Designer Diary 6: ETC Industries

The theme of Forks came about quite early on, during the Wibbell competition. Why would the cards with the lowest values in the middle be negative, well because they’re being audited for having all their investment mysteriously dissapear. Post-competition I needed to decide upon my companies, frst choice- comic or realistic? I went realistic, partly to step away from other games with businesses where they don’t look like businesses. I also didn’t want a central theme to them all, such as animals or foods. I wanted all the businesses to be as distinct as possible.

An early discussion with Tyler led to a number of names and ideas for businesses, as well as logos, being conjured up. After a quick internet search it turned out all of them already exist. It turned out thinking up fake companies is more difficult then it might first appear. Especially when it came to a company with a three letter initialism ending with ‘Finance’ or ‘Insurance’. Seriously, if you pick three letters at random and add ‘Finance’ to the end, then they already exist.

After much thinking and scouring, 6 companies were created, including logos. The colours are all pastel colours, again to differentiate them from companies and logos already in boardgames, and to avoid classic colour-confused colours such as red/green. Additionally, most of the names try to describe the company in some way, or at least have another meaning.

For those wondering, Apidae is a type of Bee, after it was discovered pharmecutical companies with ‘bee’ and ‘pollen’ in the name already exist. That enables us to keep the hexagon (beehive inspired) but everyone who I’ve played it with pronounces it “‘appy day” which is fine by me. DTV is an initialisation for ‘drain tempering valve’ and Oxime is already a type of chemical compound, so no company in those areas would use those names. Or if they did they are ungoogleable. The wild rock dove is an ancestor to the pigeon (I belive, I am ready to be corrected by bird enthusiasts on that front), hence the connection to communication.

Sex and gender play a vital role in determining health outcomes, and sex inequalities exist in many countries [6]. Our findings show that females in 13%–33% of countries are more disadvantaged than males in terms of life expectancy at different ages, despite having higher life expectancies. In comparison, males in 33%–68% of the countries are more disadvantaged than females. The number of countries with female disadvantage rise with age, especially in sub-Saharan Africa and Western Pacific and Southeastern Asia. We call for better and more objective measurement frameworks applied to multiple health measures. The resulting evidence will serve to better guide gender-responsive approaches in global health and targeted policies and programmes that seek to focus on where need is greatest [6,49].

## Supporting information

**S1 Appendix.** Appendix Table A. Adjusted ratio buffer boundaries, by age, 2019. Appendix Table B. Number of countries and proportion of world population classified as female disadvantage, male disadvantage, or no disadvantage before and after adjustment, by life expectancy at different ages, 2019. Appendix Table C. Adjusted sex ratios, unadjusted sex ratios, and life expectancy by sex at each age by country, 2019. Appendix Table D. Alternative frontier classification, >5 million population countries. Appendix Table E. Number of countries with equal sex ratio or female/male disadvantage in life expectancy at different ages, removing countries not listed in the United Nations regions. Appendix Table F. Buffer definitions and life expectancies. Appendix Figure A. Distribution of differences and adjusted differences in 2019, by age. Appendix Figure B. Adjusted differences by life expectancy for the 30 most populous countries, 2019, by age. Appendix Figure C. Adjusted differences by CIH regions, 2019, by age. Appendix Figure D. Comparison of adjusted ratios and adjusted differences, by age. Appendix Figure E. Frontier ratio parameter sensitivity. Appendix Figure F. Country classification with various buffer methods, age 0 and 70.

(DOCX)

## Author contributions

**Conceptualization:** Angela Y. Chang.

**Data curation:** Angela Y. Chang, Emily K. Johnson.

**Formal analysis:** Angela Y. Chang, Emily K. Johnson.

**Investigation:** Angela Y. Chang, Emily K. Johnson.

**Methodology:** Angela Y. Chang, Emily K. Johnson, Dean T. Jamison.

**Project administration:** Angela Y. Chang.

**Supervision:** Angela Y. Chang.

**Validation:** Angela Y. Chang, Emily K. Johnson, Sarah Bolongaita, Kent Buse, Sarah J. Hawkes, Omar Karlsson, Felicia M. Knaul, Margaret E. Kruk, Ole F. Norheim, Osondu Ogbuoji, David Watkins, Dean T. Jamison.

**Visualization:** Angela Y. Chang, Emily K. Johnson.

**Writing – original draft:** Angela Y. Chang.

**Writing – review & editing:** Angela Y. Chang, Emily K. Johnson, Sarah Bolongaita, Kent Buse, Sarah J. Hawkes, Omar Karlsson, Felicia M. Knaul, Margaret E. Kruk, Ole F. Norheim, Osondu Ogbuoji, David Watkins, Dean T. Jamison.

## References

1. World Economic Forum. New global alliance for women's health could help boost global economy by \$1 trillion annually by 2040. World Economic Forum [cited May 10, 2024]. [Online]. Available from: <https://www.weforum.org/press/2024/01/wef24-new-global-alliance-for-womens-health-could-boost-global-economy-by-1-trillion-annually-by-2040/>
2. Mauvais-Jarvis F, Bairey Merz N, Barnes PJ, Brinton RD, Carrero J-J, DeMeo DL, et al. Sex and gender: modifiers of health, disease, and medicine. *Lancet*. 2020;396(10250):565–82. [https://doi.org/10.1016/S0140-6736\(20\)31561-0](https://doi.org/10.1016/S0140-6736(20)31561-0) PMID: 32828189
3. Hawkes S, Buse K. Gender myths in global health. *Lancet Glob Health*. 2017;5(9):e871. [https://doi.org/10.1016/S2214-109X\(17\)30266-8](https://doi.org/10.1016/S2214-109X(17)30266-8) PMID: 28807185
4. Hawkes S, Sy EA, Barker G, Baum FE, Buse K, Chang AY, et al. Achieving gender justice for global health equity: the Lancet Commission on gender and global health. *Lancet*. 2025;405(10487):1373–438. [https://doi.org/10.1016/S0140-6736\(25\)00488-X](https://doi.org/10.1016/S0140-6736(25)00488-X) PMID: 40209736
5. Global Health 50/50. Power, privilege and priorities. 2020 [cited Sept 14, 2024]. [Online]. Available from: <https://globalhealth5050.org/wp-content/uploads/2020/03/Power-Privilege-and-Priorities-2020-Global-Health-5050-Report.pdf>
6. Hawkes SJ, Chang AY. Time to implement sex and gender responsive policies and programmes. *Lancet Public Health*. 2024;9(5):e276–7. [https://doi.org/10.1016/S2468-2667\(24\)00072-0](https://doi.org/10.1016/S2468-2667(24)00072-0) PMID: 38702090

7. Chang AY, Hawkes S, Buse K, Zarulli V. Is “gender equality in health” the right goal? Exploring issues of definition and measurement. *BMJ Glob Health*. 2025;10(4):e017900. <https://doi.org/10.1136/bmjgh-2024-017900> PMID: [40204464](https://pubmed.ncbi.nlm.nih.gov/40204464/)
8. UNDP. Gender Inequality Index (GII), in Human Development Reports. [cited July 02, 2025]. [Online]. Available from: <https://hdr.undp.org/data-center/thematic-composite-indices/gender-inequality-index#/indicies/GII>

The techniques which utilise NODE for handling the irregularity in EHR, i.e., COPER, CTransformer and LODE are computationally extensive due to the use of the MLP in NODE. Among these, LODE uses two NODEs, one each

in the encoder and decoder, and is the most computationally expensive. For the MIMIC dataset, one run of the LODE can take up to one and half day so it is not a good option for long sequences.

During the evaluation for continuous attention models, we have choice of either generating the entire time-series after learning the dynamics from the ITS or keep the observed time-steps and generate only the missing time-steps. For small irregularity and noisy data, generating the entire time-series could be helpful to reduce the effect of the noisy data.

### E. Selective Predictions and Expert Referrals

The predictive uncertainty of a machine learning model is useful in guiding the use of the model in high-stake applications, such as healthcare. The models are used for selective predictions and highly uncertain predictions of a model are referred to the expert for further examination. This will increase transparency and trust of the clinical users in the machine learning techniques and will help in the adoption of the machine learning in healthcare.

Even though we came up with 6 companies, after much playtesting, Box Resolute (what I would call a freight company) was dropped to 5-player, which won’t be in the base game (sticking to 2-4 players). But here was the logo anyway

I had the strangest compliment on each of these when I was on the Unlucky Frog podcast, and Josh said they were realistically ordinary. Just what I wanted. You can hear that here (along with some other stuff we chat about, including colonialism in games) https://unluckyfrog.podbean.com/e/for-forks-sake-featuring-mark-stockton-pitt-of-radical-8-games. If you haven’t heard it give it a listen- it was great fun to be on and they’re a great podcast.

Designer Diary 5: Merge/Swap

Since the Wibbell++ competition ended Forks has remained quite consistent. The number of companies has changed form 6 to 5 (and back to 6 for 5 player games), and one particularly memorable playtest session resulted in a key change to the 2 player game (it turned out not removing any cards and having hand sizes of 12 was as ridiculous as it sounds). But the main change came in the form of Merge/Swap.